I cannot say what position I would have had in the 90s since I really didn’t pay much attention to it at the time and it’s too easy to judge in hindsight.

As for a Chinese kill chain to target carrier groups with cruise missiles – if I were them, I’d focus on a robust spaceborne surveillance system for tactical geolocation. Just what they’ve been doing for the last ten years, building up satellite constellations with potentially devastating capabilities.
If they keep up their pace, they’ll have a near real-time tracking capability eventually. In the meantime, you’d link the spaceborne surveillance with their extremely long-range OTH facilities and cover the gaps with supersonic recon drone.
The rest is up to the cruise missile. Compared to ballistics or hypersonics, it’s comparatively easy to fit them with a robust sensor package to pick up something. And if the first wave just thins out the escorts, that’s fine too.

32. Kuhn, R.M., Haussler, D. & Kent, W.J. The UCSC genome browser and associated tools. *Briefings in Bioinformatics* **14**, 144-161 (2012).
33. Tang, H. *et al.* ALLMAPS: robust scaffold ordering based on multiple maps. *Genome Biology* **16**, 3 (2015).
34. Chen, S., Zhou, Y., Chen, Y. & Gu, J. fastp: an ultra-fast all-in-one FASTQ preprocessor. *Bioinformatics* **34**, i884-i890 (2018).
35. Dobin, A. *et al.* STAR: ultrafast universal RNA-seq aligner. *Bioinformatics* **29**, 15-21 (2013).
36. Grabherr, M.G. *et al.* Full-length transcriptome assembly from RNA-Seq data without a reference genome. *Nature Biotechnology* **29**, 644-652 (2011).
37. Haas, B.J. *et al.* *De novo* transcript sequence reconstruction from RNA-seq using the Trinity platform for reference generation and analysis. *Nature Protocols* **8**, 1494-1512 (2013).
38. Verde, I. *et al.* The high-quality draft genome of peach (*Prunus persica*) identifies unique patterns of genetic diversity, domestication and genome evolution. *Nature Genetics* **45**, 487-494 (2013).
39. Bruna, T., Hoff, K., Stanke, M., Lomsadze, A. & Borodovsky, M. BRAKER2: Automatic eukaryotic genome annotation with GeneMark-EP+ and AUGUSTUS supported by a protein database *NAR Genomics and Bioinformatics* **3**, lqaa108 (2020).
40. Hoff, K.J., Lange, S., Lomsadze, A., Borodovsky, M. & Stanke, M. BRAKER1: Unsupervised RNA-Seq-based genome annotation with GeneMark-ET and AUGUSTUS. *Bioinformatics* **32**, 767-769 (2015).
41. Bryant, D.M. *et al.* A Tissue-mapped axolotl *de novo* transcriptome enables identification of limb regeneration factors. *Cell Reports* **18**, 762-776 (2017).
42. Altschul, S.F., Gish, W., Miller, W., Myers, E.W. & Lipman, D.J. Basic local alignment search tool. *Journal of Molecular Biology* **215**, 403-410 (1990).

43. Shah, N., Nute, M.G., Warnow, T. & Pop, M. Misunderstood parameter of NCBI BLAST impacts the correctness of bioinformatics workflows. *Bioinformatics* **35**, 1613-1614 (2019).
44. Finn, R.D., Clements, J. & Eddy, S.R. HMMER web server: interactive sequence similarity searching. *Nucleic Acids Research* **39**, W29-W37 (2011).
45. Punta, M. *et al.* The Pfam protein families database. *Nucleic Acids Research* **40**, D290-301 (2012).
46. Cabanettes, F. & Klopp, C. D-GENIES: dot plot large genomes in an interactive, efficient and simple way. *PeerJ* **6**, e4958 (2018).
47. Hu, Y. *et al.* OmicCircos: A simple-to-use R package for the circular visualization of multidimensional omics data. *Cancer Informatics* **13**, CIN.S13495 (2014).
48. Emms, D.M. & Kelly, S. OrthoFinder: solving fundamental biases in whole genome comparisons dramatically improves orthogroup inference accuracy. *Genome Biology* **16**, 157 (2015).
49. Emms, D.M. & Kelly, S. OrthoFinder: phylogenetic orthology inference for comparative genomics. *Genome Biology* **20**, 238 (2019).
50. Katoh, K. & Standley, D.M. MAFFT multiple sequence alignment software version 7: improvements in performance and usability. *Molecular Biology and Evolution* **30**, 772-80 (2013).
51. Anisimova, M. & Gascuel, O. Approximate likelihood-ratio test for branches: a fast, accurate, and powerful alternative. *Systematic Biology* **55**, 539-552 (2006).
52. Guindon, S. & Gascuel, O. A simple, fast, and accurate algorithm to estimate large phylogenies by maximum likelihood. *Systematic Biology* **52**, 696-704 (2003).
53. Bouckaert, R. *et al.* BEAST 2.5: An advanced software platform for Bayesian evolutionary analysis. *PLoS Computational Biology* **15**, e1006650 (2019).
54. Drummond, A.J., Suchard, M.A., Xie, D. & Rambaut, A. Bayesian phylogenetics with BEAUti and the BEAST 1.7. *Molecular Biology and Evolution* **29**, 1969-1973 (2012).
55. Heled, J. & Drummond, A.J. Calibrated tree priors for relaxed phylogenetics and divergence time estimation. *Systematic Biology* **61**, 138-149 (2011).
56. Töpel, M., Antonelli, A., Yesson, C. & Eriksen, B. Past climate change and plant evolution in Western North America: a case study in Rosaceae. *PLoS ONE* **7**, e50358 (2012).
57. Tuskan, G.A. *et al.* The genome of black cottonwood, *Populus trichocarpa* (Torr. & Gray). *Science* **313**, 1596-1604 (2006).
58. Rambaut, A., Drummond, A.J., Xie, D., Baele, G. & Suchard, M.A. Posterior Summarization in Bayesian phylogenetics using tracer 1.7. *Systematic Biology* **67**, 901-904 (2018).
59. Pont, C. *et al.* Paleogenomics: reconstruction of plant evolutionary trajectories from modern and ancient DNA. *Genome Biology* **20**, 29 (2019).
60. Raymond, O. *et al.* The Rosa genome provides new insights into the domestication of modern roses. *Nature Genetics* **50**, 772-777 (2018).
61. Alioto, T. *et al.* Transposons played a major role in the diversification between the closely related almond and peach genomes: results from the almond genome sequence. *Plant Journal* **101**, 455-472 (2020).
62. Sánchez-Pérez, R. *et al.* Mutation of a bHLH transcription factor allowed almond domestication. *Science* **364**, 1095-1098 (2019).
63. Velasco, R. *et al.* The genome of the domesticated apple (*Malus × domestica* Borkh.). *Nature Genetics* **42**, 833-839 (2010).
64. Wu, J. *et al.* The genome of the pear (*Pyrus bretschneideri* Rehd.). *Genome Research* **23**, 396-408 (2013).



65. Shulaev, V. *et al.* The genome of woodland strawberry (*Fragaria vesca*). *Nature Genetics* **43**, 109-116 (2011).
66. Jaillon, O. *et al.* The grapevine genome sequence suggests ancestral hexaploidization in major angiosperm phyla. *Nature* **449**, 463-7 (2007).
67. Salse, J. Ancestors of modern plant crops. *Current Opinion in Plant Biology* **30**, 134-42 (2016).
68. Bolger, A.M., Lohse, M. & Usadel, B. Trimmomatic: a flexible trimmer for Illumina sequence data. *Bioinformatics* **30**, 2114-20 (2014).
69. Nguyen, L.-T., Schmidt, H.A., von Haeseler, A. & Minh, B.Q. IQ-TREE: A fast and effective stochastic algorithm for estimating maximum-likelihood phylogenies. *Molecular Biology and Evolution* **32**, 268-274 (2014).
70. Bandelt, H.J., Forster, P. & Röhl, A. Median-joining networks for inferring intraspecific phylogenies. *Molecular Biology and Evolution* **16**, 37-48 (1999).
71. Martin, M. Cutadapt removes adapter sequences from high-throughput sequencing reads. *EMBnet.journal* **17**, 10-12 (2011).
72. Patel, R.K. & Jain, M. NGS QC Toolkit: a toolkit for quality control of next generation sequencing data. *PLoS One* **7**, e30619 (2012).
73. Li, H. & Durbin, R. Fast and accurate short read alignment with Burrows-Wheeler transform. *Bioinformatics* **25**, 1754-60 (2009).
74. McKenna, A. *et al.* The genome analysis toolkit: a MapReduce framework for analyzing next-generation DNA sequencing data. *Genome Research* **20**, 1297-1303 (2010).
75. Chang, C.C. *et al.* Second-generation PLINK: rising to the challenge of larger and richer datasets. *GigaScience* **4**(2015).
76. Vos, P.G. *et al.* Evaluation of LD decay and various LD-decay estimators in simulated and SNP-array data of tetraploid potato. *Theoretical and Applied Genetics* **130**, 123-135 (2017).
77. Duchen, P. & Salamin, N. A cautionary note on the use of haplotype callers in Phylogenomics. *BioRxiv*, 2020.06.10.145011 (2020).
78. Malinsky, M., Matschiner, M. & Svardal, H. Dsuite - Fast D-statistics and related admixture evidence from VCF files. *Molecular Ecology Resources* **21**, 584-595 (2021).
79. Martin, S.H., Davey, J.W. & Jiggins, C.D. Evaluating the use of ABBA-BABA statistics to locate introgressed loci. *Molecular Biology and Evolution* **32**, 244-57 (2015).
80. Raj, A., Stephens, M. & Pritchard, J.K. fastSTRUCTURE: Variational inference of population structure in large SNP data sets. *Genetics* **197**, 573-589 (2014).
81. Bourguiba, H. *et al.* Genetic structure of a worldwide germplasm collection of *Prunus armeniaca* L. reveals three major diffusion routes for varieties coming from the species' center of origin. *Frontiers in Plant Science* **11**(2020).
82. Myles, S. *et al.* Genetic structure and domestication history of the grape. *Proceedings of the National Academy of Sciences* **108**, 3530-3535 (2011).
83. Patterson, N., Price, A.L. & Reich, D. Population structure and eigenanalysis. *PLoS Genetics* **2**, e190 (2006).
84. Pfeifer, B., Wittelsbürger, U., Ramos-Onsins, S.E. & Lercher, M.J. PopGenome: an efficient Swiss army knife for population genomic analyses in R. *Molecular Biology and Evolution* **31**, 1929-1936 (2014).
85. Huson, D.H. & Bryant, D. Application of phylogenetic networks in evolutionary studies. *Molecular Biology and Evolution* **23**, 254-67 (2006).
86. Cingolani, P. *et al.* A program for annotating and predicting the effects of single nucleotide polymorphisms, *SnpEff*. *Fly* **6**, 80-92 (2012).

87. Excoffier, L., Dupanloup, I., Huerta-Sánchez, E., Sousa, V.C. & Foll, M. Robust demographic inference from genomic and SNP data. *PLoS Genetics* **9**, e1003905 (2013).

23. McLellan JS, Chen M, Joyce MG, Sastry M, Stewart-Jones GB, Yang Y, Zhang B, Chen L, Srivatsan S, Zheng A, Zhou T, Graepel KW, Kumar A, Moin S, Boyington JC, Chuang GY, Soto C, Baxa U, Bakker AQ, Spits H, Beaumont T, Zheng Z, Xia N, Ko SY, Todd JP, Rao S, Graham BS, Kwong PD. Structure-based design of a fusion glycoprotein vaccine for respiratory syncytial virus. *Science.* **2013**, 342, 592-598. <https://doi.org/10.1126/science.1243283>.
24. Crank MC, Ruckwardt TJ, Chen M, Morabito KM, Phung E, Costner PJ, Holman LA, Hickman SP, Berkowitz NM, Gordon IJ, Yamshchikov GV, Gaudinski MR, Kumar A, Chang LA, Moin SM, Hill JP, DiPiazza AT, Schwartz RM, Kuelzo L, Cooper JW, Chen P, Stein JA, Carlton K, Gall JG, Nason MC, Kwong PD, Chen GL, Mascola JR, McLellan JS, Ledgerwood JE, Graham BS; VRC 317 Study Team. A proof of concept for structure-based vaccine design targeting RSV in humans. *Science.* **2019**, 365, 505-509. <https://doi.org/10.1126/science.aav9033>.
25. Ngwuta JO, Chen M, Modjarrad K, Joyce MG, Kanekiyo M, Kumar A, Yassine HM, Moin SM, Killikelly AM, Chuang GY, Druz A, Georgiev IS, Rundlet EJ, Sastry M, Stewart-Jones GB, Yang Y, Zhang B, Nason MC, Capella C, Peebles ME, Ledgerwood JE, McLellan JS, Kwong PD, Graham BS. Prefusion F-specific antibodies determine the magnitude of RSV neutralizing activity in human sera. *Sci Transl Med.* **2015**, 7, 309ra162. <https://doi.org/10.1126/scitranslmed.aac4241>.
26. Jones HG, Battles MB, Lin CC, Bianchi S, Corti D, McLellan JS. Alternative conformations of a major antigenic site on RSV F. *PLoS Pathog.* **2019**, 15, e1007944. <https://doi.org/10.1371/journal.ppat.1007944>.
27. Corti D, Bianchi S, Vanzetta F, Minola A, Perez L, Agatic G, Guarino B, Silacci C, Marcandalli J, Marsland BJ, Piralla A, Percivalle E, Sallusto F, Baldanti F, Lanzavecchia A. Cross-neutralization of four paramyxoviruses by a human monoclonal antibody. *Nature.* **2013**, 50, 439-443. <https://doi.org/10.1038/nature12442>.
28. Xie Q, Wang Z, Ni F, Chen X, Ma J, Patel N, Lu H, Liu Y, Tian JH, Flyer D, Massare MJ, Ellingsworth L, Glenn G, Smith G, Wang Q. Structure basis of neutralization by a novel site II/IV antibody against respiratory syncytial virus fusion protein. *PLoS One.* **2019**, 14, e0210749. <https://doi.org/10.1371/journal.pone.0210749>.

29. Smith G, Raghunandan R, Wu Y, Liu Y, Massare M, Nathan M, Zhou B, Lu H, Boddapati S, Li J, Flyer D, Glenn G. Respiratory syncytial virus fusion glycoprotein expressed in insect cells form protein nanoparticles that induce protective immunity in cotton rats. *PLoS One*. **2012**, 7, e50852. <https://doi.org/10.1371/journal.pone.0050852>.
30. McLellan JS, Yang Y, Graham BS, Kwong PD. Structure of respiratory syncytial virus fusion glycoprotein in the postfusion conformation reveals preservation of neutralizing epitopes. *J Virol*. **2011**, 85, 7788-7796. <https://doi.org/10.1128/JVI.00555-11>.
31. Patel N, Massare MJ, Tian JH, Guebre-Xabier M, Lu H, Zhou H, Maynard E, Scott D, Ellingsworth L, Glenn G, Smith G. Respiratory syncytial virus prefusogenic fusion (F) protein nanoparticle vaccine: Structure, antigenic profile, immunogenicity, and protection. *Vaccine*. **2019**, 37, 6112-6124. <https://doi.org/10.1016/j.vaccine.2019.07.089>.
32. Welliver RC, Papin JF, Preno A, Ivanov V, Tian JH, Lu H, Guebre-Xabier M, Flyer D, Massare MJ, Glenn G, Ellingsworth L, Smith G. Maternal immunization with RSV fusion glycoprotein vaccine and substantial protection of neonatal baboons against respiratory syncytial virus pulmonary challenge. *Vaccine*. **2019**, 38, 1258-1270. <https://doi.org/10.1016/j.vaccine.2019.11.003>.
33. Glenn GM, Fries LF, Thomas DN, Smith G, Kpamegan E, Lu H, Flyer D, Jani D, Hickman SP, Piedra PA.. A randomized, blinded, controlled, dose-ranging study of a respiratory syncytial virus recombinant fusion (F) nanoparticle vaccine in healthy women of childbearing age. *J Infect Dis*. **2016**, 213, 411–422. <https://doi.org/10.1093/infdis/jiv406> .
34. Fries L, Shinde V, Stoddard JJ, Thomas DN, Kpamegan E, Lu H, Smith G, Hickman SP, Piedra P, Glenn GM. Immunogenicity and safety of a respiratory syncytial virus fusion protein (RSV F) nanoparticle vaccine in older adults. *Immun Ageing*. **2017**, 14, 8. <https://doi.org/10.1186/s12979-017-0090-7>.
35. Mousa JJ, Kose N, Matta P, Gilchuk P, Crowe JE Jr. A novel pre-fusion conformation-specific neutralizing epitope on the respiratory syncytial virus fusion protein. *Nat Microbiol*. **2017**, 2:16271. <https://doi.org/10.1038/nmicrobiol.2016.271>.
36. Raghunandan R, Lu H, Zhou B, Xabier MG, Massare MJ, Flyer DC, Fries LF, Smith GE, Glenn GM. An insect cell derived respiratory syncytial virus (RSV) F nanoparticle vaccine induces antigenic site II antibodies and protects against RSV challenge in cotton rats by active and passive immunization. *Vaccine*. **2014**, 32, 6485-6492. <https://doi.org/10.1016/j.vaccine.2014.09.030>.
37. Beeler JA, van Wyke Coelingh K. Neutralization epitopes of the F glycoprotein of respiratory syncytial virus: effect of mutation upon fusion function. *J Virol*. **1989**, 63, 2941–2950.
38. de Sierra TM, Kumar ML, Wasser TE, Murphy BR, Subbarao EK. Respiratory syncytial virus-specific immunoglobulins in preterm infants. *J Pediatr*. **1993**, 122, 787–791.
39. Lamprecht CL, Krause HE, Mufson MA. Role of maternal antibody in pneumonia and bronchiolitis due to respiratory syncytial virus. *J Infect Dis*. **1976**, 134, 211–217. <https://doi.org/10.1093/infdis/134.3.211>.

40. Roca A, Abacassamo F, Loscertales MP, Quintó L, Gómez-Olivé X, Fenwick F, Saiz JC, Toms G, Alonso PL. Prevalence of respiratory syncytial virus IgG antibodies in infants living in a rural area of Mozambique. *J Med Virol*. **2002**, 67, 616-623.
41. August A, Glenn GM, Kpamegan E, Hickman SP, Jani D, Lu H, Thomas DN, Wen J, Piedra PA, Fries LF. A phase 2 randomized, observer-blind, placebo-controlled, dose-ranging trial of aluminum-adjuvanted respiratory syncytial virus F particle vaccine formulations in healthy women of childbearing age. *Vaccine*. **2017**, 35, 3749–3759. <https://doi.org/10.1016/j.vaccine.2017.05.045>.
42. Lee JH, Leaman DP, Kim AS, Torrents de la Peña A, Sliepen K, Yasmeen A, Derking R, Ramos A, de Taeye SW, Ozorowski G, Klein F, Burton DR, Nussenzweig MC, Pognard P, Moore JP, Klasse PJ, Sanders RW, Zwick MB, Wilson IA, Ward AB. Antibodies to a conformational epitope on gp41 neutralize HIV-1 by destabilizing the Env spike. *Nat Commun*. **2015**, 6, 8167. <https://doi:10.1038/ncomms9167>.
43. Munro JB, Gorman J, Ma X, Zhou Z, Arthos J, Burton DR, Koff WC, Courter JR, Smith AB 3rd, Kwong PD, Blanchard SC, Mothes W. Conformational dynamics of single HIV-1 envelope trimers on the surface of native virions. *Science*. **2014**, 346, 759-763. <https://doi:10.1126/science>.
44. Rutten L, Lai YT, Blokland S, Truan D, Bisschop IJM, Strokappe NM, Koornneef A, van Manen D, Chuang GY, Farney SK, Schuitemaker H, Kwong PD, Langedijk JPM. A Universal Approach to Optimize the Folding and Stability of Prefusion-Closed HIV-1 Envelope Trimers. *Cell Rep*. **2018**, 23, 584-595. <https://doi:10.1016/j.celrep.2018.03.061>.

About VLS, if you have decent sources about their standard loadouts these days, please share them. I could only guess.
In a total war scenario, the US Pacific Fleet should be able to deploy more than 50 Destroyers and a dozen Cruisers within a month or two. I don’t see why they’d lack the VLS cells to screen say two Carrier Groups with two carriers each. Especially not if the JMSDF helps out too. They just don’t have the missiles stocks to keep it up for long.
And what would you do with them anyway? They cannot penetrate the Chinese A2AD umbrella and hit targets along the coastlines, regardless of what fighter jet they employ. They could go after PLAN surface assets but why bother when LRASM equipped strategic platforms could do that in one afternoon.